A surge of water propels me forward until I meet another surge aimed at me. Together, the two forces crest into a wave. The teen gets on his knees and surfs the wave. I cling to the board in a prone position. You know your turn is done when you lose your fight against the water, crash into the wave and are catapulted into deeper, slower water.

I repair to the Monsoon Saloon within the water park to recover before taking on the Master Blaster.

The Master Blaster is a screaming jag of terror that is billed as the only uphill water roller coaster in the United States. You sit in a raft, and a raging torrent of water with the force of three open fire hydrants pushes you up an open incline, then drops you down an open chute, then pushes you up again, and down. Four 60-horsepower engines shoot 5,600 gallons of water a minute through the Master Blaster, and you hang on until the ride ends by plunging you into a diving well.

I would like to compose myself by spending the remainder of my trip in a gentle wave pool or lazy-river tube. But my vocation demands that I see if the other parks can frighten me even worse.

Great Wolf

As its name suggests, Great Wolf has a rustic but luxurious lodge feeling, with big stone fireplaces and walls of giant logs. It, too, has multiple restaurants, a spa and shops. Its 64,000-square foot indoor play area includes 10 water slides, seven pools, a lazy river, kiddie bumper boats, a rock-climbing wall and a four-story treehouse with suspension bridges, webbed nets for crawling and 60 different ways to shoot water at your friends and family.

Great Wolf has particularly extensive dry play areas. A four-story playhouse called Wiley's Woods next to the water park features dozens of video games, bridges and mazes to crawl around, and ball pits. For younger kids, the Cub Club includes crafts and storytelling.

That, apparently, was not enough. Next month, Great Wolf will debut an addition that will double the current indoor water park, adding eight more water slides and two pools.

I go straight for Great Wolf's biggest thrill ride: the Howlin' Tornado. The six-story funnel ride requires at least two people per tube, and as I gaze at the ride, thinking maybe I won't have to do it after all, another lone woman asks me to ride with her.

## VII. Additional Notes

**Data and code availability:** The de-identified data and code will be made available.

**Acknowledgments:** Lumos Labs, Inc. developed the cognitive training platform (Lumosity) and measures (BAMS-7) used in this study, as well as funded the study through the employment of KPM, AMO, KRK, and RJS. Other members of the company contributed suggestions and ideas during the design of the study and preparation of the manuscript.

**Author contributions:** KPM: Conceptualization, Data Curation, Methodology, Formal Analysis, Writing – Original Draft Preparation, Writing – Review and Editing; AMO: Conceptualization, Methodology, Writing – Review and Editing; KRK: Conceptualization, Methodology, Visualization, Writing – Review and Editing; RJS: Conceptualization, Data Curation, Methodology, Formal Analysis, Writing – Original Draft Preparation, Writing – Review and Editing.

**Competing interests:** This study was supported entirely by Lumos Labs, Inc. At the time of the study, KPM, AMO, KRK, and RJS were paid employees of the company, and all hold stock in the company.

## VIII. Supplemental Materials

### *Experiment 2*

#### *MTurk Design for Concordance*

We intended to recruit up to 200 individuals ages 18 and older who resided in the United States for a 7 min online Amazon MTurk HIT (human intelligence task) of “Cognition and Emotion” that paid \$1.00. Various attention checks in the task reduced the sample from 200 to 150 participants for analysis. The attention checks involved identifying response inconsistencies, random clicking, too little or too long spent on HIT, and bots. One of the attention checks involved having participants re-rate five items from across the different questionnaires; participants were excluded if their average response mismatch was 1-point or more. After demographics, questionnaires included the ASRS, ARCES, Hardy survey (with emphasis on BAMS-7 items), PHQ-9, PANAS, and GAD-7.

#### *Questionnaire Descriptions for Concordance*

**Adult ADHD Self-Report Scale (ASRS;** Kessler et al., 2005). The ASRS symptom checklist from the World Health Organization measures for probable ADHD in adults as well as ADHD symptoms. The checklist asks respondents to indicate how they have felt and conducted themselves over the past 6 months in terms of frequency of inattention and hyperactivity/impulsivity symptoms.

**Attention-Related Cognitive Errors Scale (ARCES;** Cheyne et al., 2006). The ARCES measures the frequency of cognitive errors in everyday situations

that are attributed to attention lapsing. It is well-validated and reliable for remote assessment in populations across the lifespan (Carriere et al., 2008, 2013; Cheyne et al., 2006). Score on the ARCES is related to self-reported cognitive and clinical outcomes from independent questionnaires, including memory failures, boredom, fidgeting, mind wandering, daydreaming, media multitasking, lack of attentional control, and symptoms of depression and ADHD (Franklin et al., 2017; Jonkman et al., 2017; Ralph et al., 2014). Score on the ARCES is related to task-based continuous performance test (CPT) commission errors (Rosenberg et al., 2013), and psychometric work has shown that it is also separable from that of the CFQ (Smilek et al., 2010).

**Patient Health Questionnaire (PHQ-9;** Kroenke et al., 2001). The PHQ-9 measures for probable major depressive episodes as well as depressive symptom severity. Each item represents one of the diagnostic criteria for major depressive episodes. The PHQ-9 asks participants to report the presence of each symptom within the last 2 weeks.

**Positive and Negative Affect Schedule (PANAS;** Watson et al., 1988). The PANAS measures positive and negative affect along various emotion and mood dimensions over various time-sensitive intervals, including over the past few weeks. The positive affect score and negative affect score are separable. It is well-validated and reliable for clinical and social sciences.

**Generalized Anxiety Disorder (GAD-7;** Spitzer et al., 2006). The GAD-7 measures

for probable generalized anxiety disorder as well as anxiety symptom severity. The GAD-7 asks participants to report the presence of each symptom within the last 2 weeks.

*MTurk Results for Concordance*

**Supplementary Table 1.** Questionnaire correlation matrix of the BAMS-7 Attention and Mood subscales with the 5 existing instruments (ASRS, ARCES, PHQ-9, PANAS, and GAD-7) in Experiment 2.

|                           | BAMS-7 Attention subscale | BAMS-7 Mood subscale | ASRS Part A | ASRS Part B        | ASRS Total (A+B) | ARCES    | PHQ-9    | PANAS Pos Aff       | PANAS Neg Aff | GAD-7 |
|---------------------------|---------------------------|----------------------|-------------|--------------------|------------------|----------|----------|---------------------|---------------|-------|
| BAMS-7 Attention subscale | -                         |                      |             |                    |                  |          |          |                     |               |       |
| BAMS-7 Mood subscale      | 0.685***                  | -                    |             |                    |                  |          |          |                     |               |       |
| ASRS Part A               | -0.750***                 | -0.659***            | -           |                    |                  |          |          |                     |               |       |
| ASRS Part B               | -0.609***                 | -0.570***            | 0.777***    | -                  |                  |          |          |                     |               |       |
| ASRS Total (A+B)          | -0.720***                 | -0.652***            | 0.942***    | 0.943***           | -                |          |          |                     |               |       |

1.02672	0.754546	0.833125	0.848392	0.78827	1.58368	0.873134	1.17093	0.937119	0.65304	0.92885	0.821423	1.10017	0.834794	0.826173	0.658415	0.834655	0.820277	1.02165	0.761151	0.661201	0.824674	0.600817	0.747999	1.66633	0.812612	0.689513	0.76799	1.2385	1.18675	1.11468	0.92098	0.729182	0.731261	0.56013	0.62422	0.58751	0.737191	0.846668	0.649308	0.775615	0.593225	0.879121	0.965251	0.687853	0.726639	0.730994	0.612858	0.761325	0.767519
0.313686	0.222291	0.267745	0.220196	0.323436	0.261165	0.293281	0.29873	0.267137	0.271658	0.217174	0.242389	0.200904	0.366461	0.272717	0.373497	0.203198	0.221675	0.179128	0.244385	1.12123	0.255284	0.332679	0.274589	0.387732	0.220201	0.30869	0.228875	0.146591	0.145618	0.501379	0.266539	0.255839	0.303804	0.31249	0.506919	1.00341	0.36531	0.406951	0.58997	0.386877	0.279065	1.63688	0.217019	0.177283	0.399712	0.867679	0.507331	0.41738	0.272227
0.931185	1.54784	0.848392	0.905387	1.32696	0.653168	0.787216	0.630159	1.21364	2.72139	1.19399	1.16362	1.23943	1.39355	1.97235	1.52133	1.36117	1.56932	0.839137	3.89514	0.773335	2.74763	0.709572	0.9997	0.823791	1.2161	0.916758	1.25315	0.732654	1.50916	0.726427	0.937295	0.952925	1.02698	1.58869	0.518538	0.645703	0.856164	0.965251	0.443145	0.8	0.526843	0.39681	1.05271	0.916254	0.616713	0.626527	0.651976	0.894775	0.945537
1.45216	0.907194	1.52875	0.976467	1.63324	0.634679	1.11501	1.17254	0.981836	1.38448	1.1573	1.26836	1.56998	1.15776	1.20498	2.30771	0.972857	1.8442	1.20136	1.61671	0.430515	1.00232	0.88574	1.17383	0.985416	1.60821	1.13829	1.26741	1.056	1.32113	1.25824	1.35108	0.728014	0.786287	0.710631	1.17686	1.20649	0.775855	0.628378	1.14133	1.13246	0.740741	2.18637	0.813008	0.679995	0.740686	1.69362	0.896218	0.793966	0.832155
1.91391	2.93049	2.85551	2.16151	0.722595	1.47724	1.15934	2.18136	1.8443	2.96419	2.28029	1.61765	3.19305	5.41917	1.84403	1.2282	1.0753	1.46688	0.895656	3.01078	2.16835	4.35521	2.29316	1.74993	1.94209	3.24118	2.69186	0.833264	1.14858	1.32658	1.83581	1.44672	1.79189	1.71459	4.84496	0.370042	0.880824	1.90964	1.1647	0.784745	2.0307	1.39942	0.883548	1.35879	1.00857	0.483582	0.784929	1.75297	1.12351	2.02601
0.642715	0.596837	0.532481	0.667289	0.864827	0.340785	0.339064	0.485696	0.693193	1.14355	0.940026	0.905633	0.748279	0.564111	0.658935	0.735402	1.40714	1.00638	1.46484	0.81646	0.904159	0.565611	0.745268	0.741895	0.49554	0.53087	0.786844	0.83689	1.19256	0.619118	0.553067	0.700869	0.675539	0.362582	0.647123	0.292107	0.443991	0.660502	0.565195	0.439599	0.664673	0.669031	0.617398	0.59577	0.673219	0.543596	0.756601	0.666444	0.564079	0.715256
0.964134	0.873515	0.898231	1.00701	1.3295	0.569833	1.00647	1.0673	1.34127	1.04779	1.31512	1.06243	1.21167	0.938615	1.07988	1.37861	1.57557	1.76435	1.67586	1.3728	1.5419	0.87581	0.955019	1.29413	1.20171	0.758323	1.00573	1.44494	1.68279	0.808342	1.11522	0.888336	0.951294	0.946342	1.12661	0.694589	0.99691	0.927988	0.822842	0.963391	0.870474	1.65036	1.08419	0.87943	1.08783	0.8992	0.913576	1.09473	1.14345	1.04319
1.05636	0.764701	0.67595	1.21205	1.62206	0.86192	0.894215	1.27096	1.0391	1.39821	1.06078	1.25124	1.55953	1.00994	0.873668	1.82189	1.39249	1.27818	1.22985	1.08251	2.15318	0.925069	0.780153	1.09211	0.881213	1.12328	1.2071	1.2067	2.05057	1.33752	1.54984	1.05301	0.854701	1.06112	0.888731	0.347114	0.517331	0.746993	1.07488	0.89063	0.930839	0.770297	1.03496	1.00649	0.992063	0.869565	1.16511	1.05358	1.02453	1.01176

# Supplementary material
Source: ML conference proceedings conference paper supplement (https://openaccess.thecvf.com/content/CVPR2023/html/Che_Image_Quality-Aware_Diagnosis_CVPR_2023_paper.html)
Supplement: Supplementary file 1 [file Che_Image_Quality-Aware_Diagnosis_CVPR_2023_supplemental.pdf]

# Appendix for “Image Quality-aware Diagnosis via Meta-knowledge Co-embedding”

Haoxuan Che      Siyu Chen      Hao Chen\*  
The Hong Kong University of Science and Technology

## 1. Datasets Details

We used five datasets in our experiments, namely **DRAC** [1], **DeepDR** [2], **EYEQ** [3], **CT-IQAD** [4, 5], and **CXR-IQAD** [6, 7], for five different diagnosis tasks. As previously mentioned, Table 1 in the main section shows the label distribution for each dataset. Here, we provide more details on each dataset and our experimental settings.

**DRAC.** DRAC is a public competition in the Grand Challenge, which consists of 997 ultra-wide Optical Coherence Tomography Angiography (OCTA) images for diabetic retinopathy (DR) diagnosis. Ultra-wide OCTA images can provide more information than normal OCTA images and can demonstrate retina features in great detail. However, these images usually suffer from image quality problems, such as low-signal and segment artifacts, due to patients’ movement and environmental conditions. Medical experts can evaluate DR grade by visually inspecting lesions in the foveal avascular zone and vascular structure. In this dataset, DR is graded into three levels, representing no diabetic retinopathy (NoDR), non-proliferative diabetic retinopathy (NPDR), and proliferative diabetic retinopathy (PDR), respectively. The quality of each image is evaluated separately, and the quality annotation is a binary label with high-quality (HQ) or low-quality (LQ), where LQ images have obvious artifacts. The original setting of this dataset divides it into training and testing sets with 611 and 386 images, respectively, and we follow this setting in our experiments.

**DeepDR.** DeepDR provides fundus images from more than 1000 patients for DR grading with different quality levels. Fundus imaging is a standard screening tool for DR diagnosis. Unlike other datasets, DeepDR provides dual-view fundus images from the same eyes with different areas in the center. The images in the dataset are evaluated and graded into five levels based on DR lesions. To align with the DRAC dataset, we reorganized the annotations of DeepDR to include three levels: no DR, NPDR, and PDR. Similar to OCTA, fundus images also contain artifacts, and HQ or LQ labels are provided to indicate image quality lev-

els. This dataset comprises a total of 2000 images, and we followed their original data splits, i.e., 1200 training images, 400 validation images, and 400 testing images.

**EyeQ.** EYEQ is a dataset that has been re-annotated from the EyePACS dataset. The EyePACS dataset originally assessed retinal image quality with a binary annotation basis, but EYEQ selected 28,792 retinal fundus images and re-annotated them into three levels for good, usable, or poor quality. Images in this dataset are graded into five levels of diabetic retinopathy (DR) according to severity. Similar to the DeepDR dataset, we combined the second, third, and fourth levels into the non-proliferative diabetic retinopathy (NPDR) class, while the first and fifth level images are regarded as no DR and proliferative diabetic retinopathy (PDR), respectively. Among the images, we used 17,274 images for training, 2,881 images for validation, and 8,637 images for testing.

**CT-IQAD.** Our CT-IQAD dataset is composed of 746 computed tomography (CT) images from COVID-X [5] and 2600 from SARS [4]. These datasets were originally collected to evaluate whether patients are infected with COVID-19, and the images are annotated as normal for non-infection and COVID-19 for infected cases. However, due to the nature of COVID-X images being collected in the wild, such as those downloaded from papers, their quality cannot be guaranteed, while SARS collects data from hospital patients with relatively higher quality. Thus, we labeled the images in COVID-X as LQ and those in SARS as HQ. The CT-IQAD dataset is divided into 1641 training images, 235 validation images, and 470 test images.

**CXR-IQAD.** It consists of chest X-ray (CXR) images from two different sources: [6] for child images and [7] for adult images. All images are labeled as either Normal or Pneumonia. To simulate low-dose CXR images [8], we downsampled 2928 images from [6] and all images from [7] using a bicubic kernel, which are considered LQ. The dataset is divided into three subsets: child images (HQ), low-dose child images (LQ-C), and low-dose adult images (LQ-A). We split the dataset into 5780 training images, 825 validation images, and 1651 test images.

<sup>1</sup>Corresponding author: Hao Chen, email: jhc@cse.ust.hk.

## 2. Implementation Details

We descend an enclosed staircase and are soon careening up and down the sides of a 65-foot-wide funnel, dropping 30 feet every second, then being catapulted back up the sides of the funnel for a few seconds until the next stomach-wrenching drop hits. This ride won the Best New Waterpark Product Award at a convention of the International Association of Amusement Parks and Attractions, which means in my book it's the worst of all possible ways to experience sheer terror and have to pay for it.

I have an entire night to recover before heading to my next resort in the morning.

Wilderness Hotel & Golf Resort

The Wilderness is in some ways the most classy of the three biggest parks, sitting as it does along the shores of Lake Delton, and is the only one to include a golf course. Located on 310 acres, the resort also offers ice skating and cross-country skiing on groomed trails.

The Wilderness competes with the Kalahari for the title of America's Largest Indoor Water Park. The debate about which is larger centers on the fact that the Kalahari's indoor park is under one roof, but the Wilderness resort currently has three separate parks, only two of them linked by indoor corridors.

Another section, the 65,000-square-foot Wild KingDome, is slated to open either next month or in early April. Wilderness also recently debuted two new thrill rides. The one that sounds most intriguing: the Cannonbowl, which drops riders 45 feet through a tunnel slide into a giant bowl where they are spun around and oscillated up and down the sides of the bowl, then propelled through a corkscrew slide and into a pool.

During my visit to Wilderness, I stop first at the resort's Wild West Water park, a 70,000-square-foot park with two unique rides. First, the Surge, a wave pool with a twist: When a bell sounds, people on decks above the wave pool can shoot water cannons onto the people below. The biggest ride, the Fantastic Voyage, shoots you down a twisting tunnel in a five-person raft.

A second, 65,000-square-foot park called Klondike Kavern offers, among other things, a 500-foot-long lazy river, two 500-foot tube rides, pools, lounging areas with televisions and, on the upper deck, a laser tag arena.

I end my tour at Baby Bear's Fort Wilderness, a 22,000-square-foot water park designed for kids 6 and under. I recover from my earlier traumas on the scary rides by stretching out in one of the parent-size whirlpools. Baby Bear's, it turns out, is at the end of the day just right.